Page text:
US 2797247 A
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Patented June 25, 1957 PRODUCTION OF ALCOHOLS AND ETHERS Carl D. Keith, Munster, Ind., assignor to Sinclair Refining Company, New York, N. Y., a corporation of Maine No Drawing. Application June 10, 1955, Serial No. 514,700
6 Claims. (Cl. 260'614) This invention relates to the hydration of mono-olefins and to the conversion of alcohols to obtain ethers. More particularly, this invention employs certain solid catalytic materials in the hydration of C2 to C4 olefins to obtain the oxygen-containing products, alcohols, ethers or their mixtures; and in the conversion of C2 to C4 alcohols to obtain ethers either through alcohol dehydration or condensation of alcohol and mono-olefin. Specifically, the catalysts employed in these reactions of the present invention are comprised of a naturally occurring ore known as chrysocolla. It is known that low molecular weight mono-olefins can be converted to the corresponding alcohols and ethers by contact with water in the presence of various catalytic materials. The reaction products, which may contain predominantly alcohol or ether and usually at least a small proportion of each as well as various amounts of olefin polymer, are particularly useful as gasoline blending agents to obtain fuels of higher octane rating. In this reaction olefins are in part hydrated to alcohols which may in turn at least in part be dehydrated to ethers or combined with olefin feed to form ethers but over all it can be considered that this is a hydration reaction. It is also known that low molecular weight alcohols can be dehydrated to obtain ethers. The water released in this reaction can combine with olefin if present to form alcohol. Should olefin be present in the latter reaction it could also form ether by condensation with alcohol. As an over-all process the olefin feeds are hydrated by contact with water and the catalytic material to obtain ether, alcohol or their mixtures, and after separation of any excess water the amount of ether produced in the alcohol or the mixed products can be increased by conversion over similar type catalysts.
Common sources of olefin feed for these reactions are the relatively pure olefin materials and mixed streams such as the petroleum refinery streams containing propylene and butylenes, both normal and isobutylene, and a substantial amount of C3 or C4 parafiins. A particular stream which can be employed contains from about 50 to 75 volume percent of propylene with the remaining being substantially propane. In the hydration and alcohol conversion reactions, various solid catalysts are known to be effective and can be disposed in a fixed bed or employed in slurry form either on a batch or a continuous basis. In this reaction the water and olefin can be present as liquids or vapors depending upon the particular reaction conditions employed. A principal utility for the products of these reactions is as a gasoline blending component.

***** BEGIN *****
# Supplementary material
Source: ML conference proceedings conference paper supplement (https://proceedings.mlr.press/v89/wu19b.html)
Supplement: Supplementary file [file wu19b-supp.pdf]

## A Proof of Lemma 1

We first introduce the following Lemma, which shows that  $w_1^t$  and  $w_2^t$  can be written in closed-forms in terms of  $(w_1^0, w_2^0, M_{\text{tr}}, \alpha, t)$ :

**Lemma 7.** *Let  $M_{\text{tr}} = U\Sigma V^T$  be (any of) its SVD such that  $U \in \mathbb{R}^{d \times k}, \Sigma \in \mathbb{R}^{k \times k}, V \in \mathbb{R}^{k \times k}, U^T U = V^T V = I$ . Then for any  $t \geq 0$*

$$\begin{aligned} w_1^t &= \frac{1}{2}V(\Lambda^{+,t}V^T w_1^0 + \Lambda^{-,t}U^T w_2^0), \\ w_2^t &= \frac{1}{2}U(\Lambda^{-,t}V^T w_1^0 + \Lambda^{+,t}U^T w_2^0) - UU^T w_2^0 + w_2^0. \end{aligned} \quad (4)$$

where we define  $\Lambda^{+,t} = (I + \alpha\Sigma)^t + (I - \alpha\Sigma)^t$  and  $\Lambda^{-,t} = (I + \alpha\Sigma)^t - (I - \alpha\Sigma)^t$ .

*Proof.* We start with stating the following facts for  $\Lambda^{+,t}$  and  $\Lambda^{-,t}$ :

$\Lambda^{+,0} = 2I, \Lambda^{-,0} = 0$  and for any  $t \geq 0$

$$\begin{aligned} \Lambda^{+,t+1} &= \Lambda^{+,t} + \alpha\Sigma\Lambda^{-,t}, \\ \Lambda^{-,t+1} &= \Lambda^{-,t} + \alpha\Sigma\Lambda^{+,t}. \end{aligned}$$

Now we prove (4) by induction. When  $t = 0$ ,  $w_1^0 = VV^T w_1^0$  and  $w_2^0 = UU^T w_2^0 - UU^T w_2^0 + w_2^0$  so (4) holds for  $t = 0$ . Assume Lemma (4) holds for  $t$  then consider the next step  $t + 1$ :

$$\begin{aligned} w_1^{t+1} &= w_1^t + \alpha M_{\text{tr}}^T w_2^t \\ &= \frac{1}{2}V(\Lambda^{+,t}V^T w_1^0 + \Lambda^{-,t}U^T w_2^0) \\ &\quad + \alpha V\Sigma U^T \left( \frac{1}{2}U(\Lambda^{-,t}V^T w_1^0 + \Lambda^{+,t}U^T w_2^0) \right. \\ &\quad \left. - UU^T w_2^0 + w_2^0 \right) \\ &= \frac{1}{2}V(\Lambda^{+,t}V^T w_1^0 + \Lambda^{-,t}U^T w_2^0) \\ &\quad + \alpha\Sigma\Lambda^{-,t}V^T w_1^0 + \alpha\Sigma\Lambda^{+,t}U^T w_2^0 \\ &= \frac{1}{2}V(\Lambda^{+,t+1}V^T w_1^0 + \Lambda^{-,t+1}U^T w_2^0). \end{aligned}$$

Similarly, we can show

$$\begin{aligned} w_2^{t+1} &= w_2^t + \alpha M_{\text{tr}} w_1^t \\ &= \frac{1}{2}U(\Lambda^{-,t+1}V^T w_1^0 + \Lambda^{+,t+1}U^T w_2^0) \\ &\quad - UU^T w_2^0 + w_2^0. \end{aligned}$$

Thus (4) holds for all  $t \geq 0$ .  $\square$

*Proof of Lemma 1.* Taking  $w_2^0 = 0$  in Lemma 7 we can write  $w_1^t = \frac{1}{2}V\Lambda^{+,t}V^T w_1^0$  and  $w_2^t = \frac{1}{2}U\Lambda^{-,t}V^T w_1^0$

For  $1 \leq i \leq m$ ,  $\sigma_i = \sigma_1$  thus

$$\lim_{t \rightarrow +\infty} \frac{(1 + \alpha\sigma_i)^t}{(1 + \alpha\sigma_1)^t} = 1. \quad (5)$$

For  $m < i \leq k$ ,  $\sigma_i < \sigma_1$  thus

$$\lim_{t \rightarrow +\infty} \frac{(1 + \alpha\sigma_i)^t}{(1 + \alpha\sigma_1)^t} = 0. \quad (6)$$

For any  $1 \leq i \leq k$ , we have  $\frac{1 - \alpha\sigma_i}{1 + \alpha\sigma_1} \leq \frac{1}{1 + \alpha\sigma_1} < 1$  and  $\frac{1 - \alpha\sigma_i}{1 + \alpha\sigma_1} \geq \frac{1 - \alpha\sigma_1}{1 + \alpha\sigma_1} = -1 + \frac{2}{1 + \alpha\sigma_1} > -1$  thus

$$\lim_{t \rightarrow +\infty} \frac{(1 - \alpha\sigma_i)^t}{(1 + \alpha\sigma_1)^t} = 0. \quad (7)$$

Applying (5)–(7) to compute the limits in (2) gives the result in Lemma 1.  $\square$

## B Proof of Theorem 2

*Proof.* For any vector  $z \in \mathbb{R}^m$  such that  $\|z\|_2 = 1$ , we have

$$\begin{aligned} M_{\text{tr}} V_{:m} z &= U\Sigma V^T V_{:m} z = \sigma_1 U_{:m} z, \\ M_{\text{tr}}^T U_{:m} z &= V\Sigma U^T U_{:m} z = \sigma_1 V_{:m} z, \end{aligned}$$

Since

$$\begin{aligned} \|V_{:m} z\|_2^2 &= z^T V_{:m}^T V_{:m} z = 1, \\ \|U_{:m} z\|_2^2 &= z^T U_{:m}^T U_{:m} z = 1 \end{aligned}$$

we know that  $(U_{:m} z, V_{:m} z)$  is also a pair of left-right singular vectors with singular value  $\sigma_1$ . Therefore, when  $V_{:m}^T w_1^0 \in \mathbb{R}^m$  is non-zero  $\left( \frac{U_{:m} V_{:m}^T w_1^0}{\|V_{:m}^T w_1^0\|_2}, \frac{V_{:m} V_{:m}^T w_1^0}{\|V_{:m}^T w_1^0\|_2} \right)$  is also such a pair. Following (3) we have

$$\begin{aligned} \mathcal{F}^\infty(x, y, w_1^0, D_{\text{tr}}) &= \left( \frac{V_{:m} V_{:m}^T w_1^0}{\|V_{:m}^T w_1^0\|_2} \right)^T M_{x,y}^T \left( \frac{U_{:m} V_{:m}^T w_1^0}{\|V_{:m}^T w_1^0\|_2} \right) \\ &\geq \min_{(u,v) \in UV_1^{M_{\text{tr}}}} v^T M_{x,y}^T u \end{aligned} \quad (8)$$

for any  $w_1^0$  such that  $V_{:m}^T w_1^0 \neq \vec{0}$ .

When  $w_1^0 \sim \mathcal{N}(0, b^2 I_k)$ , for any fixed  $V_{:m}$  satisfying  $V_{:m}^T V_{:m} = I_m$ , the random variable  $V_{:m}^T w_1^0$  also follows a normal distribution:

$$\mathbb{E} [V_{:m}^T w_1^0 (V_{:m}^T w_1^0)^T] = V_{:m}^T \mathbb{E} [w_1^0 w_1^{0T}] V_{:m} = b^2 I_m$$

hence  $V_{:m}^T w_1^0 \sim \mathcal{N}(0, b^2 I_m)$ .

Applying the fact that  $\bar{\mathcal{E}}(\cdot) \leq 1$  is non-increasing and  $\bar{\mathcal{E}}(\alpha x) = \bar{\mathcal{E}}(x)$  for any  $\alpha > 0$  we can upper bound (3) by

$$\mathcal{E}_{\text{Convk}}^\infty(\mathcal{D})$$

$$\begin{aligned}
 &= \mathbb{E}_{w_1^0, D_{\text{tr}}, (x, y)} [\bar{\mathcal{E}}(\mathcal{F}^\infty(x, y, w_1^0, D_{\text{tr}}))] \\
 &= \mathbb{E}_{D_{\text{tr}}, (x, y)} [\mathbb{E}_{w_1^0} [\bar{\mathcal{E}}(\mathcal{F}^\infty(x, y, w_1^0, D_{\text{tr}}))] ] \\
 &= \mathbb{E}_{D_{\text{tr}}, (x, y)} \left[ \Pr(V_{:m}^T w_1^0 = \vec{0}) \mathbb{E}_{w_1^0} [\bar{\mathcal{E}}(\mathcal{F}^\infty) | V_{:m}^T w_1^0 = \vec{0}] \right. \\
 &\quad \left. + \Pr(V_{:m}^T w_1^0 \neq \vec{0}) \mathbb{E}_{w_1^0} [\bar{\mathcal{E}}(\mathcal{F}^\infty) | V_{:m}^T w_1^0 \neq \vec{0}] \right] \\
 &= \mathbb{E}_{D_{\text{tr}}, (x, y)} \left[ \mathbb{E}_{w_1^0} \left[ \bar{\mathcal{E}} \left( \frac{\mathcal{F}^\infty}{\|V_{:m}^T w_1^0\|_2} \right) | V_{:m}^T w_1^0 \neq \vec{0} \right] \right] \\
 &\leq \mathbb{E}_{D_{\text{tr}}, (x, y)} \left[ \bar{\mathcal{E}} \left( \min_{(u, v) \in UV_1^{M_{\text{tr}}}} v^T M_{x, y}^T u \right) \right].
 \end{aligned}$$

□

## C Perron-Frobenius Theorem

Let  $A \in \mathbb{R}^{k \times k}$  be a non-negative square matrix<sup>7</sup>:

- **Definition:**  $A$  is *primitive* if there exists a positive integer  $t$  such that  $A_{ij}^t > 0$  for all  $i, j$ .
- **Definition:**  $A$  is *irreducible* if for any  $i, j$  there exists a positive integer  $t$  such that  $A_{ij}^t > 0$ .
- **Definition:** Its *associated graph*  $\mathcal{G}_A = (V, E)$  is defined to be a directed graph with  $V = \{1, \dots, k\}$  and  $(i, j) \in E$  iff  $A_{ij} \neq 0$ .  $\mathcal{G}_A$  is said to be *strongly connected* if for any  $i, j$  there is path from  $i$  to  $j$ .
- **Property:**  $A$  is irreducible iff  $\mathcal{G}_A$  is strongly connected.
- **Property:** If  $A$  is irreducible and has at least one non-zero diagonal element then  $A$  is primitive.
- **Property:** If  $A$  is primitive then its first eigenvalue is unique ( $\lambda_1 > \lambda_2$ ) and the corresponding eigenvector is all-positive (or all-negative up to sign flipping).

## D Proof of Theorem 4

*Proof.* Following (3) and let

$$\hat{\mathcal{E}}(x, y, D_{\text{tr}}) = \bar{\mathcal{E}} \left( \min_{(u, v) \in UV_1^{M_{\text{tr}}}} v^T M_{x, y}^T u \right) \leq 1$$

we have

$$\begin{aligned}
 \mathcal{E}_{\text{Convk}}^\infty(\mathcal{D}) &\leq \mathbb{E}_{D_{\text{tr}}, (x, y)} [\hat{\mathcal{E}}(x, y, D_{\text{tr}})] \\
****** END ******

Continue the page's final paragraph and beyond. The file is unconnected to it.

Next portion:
The present invention is concerned with these reactions in which certain catalysts have been found to be particularly efiective. These catalysts are comprised of a naturally occurring ore known as chrysocolla. This material is of particular physical form of the approximate chemical constituency corresponding to CuSiO3-2H2O. On an average basis this ore analyzes about 45.2% CuO, 34.3 SiOz, and 20.5 H2O. The ore is light blue in color, has
about 14 A. This material is found in the United States (Arizona, Wyoming, Nevada, New Jersey, Pennsylvania, Utah, Idaho), England, Hungary, Siberia, Germany and Chile.
The chrysocolla ore is a particularly effective catalyst for the present invention not only because of its chemical constituency but also due to its physical state. Economically, the use of the chrysocolla catalyst is advantageous since it is a relatively low cost material due principally to its occurrence as a natural product which avoids costly procedures for synthetic production. As commercially available chrysocolla is in rather large particle sizes, before being employed in the reactions of the present invention it should be ground or broken to smaller sizes, say generally varying Within a range of A" particles to those near colloidal size. Representative sizes include 8 to 14 mesh and approximately Ms" x A" particles.
The small particle form chrysocolla can be used as a solid catalyst in the reactions of this invention either in a fixed bed or in a slurry reaction system without addition of promoting materials. Alternatively, the chrysocolla can be promoted by combination of a wide variety of promoters. Usually these promoters are inorganic and comprise about 1 to 50% of the total catalyst mass and for purposes of the present invention are usually acidic in nature. Most often the promoting agent will be an acidic metal oxide of groups IV to VII of the periodic table or the oxides of the iron transition metals and the platinum metals of group VIII. Examples of acidic metal oxides which can be emplcyed are chromic acid, molybdic acid, tungstic acids, arsenic acid and manganous acid. Various combinations of the promoting agents can also be employed and in particular the acidic metal oxides of groups IV to VII can be combined with the metals of the iron transition group and group IB and IIB to form apparently the metal salts of the acidic oxides. Although it has not been definitely proven that these metals and the acidic oxides exist as true salts, the catalyst preparation conditions of the present invention are such that lead to the belief that the salts are formed in stoichiometric proportions. Other particular promoting agents which can be employed include phosphoric acid which is deposited on the chrysocolla base as an orthophosphate or a pyrophosphate. Also the catalyst base can be impregnated with 'boric acid or with an aqueous solution of a soluble precursor such as ammonium molybdate followed by acidification to. free molybdic acid.